According to the Cleveland Clinic, SAD "...is a depression that occurs each year at the same time, usually starting in fall or winter and ending in spring or early summer. It is more than just 'the winter blues' or 'cabin fever.'" And even the Doodyville princess could be affected since--surprise!--"a rare form of SAD known as 'summer depression' begins in late spring or early summer and ends in fall." According to some health experts, "SAD is most common in young adult women, although it can affect men or women of any age." It's also not uncommon. SAD may affect as many as six of every 100 people in North America, mostly in the North, rather than the South. Another 10%-20% of people may have a milder form of seasonal mood change.
How common is SAD?
Health experts don't know the exact causes of SAD, but these are some of the likely causes:
But you don't have to suffer for half the year. According to the Mayo Clinic, help is available for SAD victims:
Light-therapy-- Light therapy is one of the first-line treatments for seasonal affective disorder. In light therapy, also called phototherapy, you sit a few feet from a specialized light-therapy box so that you're exposed to bright light. Light-therapy mimics outdoor light and appears to cause a change in brain chemicals linked to mood.
Medications--Some people with seasonal affective disorder benefit from antidepressant treatment, especially if symptoms are severe. Antidepressants commonly used to treat seasonal affective disorder include paroxetine (Paxil), sertraline (Zoloft), fluoxetine (Prozac, Sarafem), and venlafaxine (Effexor).
Psychotherapy--Although seasonal affective disorder is thought to be related to brain chemistry, your mood and behavior also can add to symptoms. Psychotherapy can help you identify and change negative thoughts and behaviors that may be making you feel worse. You can also learn healthy ways to cope with seasonal affective disorder and manage stress.
If you want to learn more about SAD, British psychiatrist John Eagles says that "The outstanding book for SAD sufferers and non-clinicians is Winter Blues, by Norman Rosenthal, the latest edition of which was published in 1998. Rosenthal is often regarded as something of a father figure among SAD researchers and clinicians and Winter Blues contains a wealth of insight and experience."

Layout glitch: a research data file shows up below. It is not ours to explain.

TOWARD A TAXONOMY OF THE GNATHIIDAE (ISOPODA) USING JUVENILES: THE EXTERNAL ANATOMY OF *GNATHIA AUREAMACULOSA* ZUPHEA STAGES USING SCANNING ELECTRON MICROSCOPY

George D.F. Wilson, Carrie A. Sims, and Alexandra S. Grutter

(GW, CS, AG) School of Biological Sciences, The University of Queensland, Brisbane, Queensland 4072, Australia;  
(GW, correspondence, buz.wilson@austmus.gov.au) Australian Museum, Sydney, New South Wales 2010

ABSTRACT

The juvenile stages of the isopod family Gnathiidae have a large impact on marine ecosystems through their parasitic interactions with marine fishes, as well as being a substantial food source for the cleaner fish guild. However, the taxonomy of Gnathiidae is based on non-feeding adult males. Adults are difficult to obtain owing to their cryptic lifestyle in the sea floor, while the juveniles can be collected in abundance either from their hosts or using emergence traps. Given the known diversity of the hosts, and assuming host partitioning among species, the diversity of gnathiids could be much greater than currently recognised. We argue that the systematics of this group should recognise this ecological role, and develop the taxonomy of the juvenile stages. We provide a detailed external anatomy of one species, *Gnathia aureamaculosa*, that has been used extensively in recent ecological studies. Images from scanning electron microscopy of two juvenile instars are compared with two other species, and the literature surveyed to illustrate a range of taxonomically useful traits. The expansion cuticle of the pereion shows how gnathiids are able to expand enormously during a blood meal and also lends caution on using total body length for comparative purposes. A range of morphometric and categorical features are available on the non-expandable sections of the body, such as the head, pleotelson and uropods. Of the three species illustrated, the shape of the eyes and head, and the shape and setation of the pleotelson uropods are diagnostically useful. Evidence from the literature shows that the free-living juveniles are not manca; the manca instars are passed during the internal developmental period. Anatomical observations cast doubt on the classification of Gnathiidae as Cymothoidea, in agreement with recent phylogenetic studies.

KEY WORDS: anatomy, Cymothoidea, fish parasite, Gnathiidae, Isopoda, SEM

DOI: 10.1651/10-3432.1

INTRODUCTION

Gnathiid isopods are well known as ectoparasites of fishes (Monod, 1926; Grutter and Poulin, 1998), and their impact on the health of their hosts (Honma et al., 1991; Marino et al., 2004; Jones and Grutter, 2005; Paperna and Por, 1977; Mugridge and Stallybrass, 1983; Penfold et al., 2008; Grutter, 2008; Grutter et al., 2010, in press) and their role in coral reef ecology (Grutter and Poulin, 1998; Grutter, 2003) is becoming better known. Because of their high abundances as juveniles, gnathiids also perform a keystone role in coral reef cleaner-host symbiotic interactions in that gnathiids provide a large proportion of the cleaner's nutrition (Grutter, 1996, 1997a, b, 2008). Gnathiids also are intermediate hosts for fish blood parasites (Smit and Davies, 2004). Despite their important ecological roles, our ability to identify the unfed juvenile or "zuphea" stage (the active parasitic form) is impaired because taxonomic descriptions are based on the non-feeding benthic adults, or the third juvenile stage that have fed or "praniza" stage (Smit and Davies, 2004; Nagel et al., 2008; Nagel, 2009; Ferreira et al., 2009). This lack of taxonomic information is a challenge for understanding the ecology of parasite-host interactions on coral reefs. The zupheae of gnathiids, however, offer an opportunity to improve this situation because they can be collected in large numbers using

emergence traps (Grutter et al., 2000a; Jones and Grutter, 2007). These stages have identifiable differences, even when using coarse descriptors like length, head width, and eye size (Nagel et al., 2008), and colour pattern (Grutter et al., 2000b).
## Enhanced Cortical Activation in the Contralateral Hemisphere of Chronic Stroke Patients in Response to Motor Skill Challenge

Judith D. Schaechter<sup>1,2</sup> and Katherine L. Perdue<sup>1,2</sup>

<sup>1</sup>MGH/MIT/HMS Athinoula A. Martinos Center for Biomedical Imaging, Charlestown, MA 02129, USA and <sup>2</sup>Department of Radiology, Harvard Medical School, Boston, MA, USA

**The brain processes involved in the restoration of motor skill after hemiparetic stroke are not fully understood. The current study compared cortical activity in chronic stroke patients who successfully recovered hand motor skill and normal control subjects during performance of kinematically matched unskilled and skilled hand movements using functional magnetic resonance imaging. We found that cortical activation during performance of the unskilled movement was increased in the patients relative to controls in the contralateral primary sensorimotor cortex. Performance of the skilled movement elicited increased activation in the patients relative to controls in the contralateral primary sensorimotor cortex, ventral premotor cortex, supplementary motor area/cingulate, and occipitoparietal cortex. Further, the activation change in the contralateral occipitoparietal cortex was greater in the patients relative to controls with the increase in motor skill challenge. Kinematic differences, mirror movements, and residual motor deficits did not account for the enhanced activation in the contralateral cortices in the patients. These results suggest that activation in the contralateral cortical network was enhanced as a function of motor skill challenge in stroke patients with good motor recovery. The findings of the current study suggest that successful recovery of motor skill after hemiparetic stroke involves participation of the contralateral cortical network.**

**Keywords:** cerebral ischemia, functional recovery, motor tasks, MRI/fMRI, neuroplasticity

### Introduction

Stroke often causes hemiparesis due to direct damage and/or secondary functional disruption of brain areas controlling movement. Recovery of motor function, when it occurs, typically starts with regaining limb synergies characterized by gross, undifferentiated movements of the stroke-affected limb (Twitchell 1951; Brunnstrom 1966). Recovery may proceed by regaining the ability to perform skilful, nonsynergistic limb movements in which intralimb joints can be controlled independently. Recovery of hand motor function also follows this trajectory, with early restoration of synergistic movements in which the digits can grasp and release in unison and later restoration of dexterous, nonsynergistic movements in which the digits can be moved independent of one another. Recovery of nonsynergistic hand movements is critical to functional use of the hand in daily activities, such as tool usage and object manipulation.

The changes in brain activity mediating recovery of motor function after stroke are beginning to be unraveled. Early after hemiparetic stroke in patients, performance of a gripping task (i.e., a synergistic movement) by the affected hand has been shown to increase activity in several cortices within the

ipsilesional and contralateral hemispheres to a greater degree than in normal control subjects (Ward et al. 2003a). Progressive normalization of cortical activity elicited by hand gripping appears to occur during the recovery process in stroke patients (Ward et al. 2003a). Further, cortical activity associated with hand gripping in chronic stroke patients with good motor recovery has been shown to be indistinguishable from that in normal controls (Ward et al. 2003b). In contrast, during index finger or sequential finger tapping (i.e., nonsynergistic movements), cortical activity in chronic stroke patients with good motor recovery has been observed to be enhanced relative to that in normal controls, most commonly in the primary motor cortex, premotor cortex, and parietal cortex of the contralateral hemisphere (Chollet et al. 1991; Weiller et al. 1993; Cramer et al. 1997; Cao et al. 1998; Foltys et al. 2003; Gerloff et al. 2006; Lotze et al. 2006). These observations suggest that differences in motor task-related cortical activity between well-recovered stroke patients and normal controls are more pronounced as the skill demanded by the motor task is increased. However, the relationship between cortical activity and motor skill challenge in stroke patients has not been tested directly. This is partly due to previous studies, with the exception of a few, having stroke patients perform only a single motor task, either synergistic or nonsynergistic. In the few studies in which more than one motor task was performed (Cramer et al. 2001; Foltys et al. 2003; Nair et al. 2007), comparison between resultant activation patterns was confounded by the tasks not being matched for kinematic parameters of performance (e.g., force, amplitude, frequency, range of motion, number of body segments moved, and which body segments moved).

These helpful websites can provide you with more detailed information about both winter blues and SAD:
Learn more about eating healthfully. http://www.seniorresource.com/health.htm#nutrition
B. DID YOU KNOW...?
1. Home Repair Injuries
Additional home safety information for seniors can be found at: http://www.seniorresource.com/Senior_Home_Safety_Checklist.htm
As such, kinship care refers to the care of children with relatives or, in some jurisdictions, close family friends (often referred to as fictive kin). Relatives are the preferred resource for children who must be removed from their birth parents because it maintains the children's connections with their families. Kinship care is often considered a type of family-preservation service.
Kinship care may be formal and involve a training and licensure process for the caregivers, monthly payments to help defray the costs of caring for the child, and support services. Kinship care also may be informal and involve only an assessment process to ensure the safety and suitability of the home along with supportive services for the child and caregivers. Approximately one-fourth of the children in out-of-home care are living with relatives.
Learn more at http://www.childwelfare.gov/outofhome/types/kinship.cfm
C. THOUGHTS FOR THE MONTH
We present here some words from those with a birthday this month.
Burt Reynolds - "You can only hold your stomach in for so many years."
More "Thoughts" at: http://www.seniorresource.com/thought.htm
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D. SPECIAL SURFING SITES
1. Are You Immunized?
Each year, the Advisory Committee on Immunization Practices (ACIP) reviews the recommended adult (anyone over 18 years old) immunization schedule to ensure that the schedule reflects current recommendations for the licensed vaccines. The resultant recommended adult immunization schedule has been approved by the Advisory Committee on Immunization Practices, the American Academy of Family Physicians, the American College of Obstetricians and Gynecologists, the American College of Physicians, and the American College of Nurse-Midwives.
Those over 60 years of age should consider obtaining the following vaccines after consultation with a physician.
See the CDC “Recommended Immunizations for Adults” chart and related cautions at:
Learn about Health related items here: http://www.seniorresource.com/health.htm
2. American Legion History
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E. OH MY AGING FUNNY BONE
1. Smart Minds Go Pondering
2. Hi-Tech Homework
One of the third-graders came to school crying.
"Oh My Aging Funny Bone" is at: http://www.seniorresource.com/jokes.htm
SPONSOR AN ISSUE
This issue has been edited by Betsy Day (Betsyjday@aol.com).
Aging in Place